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7 Common Lumps Found on Dogs’ Legs [With Pics]

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vet holding a dog's leg for treatment

This article was updated on August 14th, 2023

Lumps and bumps on dogs’ legs are a common concern, from itchy insect bites to painless cysts and skin growths. But should you be worried? As a vet I’ll summarize the most common leg issues we see in practice and when it’s worth seeing your veterinarian.

What are the top reasons for leg lumps and bumps in dogs?

1. Infections

From bumpy rashes and hot spots to abscesses secondary to wounds or foreign bodies like grass seeds, infections can cause a range of lumps and bumps on dogs’ legs. Infections typically develop over a few days, causing redness, itching, pain and often pus. Saltwater bathing may help but significant infection is likely to require veterinary treatment. Abscesses shouldn’t be ignored as foreign bodies like grass seeds can migrate, causing further problems. Learn more about skin infections in dogs.

grass seed abscess on black dog's paw
Grass seed abscess on dog paw

2. Insect bites and stings

These are common in the warmer months, causing localised swelling, itching and redness. If you notice any systemic signs or the swelling is severe, you should see a vet who can prescribe medication including antihistamines or steroids if needed.

mosquitoe on dog's hair

3. Allergies

Occasionally, dogs can develop hives – itchy, raised welts across areas of their skin – in response to allergens. These are usually transient, though if your dog is suffering a severe reaction – for example, they have breathing difficulties or substantial swelling – they should see a vet urgently. Learn more about dog skin allergy issues and rashes.

French bulldog with dermatological problems caused by allergies
Dermatological problems caused by allergies

4. Cysts

Cysts are a common cause of lumps on the body and legs. These benign lumps develop from glands in or just under the skin and gradually fill with fluid or thick greasy material.  Their appearance depends on their specific type ranging from smooth lumps just under the skin to irregular small lumps on the skin surface. They may cause inflammation if they rupture but otherwise don’t need treatment; surgery is usually curative if needed. Learn more about cysts on a dog’s paws.

interdigital cyst on dog paw
Cyst in the paw of a dog

5. Warts and tumors

Benign tumors like sebaceous adenomas (‘old dog warts’) are very common in older dogs, while virus-induced warts are common in young dogs and usually resolve over a few months. Pictured below are examples of warts on a dog’s leg:

Benign tumors have a variable appearance but are usually small, slow-growing and not inflamed. Unfortunately, malignant tumors like mast cell tumors are not uncommon on the legs; these often grow rapidly and cause irritation but can appear benign.

tumor on a dog's back leg

It’s important to discuss testing of any new lump with your vet to rule this out. View pictures of lumps and bumps.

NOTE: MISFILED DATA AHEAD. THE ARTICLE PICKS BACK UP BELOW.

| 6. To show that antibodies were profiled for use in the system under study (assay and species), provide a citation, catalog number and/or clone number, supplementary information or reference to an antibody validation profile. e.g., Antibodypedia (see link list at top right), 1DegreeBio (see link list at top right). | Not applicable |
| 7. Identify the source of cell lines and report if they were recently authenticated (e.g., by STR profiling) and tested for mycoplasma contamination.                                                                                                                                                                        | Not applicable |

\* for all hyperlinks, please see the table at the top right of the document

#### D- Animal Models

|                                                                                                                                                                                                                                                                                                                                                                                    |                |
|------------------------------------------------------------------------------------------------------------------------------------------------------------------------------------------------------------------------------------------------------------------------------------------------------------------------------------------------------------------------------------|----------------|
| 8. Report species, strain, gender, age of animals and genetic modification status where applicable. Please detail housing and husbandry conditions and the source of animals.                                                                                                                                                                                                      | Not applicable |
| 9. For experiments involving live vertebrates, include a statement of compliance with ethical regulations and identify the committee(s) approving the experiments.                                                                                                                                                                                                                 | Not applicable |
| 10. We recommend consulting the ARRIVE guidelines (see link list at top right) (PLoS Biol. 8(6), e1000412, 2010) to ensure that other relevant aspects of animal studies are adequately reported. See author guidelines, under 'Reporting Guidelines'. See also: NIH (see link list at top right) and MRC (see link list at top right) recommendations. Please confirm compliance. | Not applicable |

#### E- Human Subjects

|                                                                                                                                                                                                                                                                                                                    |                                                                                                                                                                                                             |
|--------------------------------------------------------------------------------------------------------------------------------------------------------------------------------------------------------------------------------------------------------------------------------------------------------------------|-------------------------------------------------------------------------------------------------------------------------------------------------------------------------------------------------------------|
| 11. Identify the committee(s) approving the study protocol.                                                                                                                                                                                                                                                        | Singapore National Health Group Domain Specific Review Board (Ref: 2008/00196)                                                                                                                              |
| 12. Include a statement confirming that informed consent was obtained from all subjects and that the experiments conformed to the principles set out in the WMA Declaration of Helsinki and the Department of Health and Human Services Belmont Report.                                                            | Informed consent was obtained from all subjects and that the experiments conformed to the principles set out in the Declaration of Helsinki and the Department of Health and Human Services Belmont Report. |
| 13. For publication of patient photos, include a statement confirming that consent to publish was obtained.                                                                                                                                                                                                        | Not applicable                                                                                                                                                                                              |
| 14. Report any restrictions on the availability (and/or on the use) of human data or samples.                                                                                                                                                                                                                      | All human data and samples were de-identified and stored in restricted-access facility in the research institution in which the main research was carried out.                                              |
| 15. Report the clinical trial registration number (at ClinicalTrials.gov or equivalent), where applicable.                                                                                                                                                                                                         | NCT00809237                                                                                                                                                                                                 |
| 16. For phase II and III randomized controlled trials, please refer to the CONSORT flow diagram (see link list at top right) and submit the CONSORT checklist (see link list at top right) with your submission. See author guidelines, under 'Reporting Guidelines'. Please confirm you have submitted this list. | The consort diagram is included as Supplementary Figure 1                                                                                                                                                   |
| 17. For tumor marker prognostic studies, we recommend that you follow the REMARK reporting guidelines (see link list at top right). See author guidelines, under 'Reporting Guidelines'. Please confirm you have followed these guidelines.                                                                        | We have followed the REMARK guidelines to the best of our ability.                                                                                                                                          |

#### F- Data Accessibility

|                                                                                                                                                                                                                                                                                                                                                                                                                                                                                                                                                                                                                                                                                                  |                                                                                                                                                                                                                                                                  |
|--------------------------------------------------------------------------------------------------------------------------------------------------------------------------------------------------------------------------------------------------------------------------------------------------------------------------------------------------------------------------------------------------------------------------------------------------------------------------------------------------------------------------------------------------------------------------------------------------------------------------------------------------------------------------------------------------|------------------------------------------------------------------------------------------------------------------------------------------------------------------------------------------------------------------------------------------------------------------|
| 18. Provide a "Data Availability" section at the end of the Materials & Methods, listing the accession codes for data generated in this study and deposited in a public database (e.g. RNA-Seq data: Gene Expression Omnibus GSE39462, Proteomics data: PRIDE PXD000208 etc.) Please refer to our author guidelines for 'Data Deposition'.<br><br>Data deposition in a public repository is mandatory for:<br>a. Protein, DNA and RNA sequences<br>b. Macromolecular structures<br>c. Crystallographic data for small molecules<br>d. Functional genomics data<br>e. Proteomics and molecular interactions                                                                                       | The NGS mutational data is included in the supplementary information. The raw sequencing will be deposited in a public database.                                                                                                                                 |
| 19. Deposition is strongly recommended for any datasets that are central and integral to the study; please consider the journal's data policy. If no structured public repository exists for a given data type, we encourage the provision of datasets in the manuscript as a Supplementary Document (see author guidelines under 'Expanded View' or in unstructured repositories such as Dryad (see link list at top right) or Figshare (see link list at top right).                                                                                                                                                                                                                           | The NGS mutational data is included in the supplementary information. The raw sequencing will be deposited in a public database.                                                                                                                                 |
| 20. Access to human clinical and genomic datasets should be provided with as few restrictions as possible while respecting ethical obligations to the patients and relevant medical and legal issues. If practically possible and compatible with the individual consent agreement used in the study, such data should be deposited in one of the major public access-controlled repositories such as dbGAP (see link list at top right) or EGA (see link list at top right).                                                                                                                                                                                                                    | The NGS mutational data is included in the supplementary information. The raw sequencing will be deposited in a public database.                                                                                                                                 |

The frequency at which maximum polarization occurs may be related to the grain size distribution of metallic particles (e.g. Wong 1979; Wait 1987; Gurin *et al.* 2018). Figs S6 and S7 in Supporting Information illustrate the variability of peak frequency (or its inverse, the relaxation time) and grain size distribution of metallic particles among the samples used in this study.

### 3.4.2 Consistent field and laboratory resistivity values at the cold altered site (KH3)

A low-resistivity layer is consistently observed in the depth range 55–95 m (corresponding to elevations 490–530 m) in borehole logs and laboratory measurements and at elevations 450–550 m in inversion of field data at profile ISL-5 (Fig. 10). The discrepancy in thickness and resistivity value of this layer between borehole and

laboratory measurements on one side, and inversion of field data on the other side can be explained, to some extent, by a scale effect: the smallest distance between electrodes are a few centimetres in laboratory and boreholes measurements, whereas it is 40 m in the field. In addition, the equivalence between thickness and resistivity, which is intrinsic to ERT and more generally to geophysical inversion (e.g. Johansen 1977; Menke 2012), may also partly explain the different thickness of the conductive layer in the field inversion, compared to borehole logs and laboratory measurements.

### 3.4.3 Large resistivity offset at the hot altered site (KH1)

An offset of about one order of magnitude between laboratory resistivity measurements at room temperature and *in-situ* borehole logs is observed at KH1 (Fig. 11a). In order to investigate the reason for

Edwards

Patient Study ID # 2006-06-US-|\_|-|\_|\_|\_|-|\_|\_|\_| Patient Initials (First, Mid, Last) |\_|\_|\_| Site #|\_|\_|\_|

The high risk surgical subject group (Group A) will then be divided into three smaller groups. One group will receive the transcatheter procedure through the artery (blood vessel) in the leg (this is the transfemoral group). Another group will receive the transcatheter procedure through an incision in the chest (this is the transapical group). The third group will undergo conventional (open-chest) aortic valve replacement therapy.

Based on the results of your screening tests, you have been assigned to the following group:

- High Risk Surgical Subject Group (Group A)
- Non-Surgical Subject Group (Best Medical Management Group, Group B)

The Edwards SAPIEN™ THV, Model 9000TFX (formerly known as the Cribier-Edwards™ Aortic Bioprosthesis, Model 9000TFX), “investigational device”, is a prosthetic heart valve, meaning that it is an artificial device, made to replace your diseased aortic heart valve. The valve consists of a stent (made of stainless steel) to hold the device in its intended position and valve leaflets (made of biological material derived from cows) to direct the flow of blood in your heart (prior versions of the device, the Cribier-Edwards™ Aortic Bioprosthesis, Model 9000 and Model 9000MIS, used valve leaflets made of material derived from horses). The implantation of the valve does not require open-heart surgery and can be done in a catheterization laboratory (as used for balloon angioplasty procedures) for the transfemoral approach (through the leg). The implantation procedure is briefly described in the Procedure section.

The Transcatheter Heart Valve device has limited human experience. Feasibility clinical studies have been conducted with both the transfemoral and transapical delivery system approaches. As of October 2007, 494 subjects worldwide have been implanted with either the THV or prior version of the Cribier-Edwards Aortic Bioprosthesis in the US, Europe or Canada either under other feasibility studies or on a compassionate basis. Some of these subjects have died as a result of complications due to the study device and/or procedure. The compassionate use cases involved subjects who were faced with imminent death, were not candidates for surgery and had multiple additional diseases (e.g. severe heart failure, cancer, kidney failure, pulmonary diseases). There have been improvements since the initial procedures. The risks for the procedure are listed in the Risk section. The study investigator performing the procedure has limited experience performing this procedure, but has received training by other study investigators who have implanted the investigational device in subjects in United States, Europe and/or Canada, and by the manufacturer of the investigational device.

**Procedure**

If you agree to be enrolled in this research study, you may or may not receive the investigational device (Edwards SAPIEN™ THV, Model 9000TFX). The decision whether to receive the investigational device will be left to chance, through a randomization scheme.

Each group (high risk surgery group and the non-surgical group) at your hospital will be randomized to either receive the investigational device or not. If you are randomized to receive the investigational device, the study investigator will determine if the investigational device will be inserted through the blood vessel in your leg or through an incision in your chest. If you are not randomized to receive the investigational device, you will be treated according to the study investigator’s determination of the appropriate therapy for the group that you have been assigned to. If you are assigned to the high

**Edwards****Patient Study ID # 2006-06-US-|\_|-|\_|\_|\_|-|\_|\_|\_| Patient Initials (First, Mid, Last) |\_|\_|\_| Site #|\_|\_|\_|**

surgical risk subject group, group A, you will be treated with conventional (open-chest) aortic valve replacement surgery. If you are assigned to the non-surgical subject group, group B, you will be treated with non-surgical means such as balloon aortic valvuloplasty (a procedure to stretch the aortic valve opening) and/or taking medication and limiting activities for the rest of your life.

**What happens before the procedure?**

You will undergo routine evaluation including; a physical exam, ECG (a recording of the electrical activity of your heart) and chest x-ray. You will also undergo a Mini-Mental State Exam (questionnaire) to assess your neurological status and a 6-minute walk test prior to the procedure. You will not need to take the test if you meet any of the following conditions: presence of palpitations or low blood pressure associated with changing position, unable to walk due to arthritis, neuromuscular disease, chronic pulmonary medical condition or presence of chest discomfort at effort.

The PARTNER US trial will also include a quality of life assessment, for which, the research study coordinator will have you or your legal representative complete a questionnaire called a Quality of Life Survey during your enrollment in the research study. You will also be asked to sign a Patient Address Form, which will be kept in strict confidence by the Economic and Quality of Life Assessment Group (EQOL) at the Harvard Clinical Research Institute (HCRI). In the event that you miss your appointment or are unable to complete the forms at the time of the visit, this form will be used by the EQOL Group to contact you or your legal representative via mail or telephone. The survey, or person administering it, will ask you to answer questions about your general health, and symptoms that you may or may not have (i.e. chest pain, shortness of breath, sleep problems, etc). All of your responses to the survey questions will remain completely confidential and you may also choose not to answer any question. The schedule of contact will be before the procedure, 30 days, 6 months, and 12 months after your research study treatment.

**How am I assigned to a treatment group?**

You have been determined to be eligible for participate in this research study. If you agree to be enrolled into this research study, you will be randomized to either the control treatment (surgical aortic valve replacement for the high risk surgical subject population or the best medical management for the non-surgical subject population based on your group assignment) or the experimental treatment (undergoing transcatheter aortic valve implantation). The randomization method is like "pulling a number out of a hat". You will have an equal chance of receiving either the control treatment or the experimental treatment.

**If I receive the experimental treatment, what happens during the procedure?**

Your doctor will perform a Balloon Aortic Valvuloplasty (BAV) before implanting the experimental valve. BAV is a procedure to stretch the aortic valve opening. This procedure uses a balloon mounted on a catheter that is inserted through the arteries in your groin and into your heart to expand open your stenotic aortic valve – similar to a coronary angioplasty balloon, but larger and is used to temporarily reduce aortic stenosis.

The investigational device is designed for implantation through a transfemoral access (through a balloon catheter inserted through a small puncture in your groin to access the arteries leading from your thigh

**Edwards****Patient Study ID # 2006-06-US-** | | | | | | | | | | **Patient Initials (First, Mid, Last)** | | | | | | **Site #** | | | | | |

6. Calluses and hygromas

Larger dogs with less padding (like Greyhounds) or those that frequently lie on hard surfaces may develop thickened calluses over areas like the elbow due to pressure. In some cases, dogs can also develop a benign soft, fluid filled, cyst-like ‘hygroma’ over pressure points like the elbow. The treatment is thick bedding and preventing lying on hard surfaces, but it’s worth seeing your vet if it doesn’t respond over a few weeks.

7. Lick granulomas

Lick granulomas are a chronic inflammatory response to irritation – they often begin after a mild insult like an allergic reaction, sting or graze but a vicious cycle develops whereby the dog’s licking causes further irritation and itching. Treatment can be difficult and includes medication and preventing licking. 

Lick granuloma

Signs that you need to see your veterinarian

Signs you should see your vet include:

  • Any lump that persists for more than a few weeks
  • Any lump causing soreness, itching or pain
  • Any rapidly growing or spreading lump or bump
  • Any lump associated with systemic signs e.g. breathing difficulties

What will happen at the vet

Your vet may need to do further investigations like a fine needle aspirate ($150-200) in order to make a diagnosis. Depending on the diagnosis treatment may include monitoring, medication or surgery.


  • Dr. Primrose Moss, Vet Surgeon

    Dr. Moss graduated from the prestigious University of Cambridge in England with a Bachelor's of Veterinary Medicine and a Master's in Zoology. She is currently a veterinary surgeon at Avonvale Veterinary Centres in the UK. Her aim is to provide reliable and accessible information to pet owners, enabling them to make better informed decisions about their pets' care.

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Disclaimer: This content is not a substitute for veterinary care. Always consult with your vet for health decisions. Learn more.

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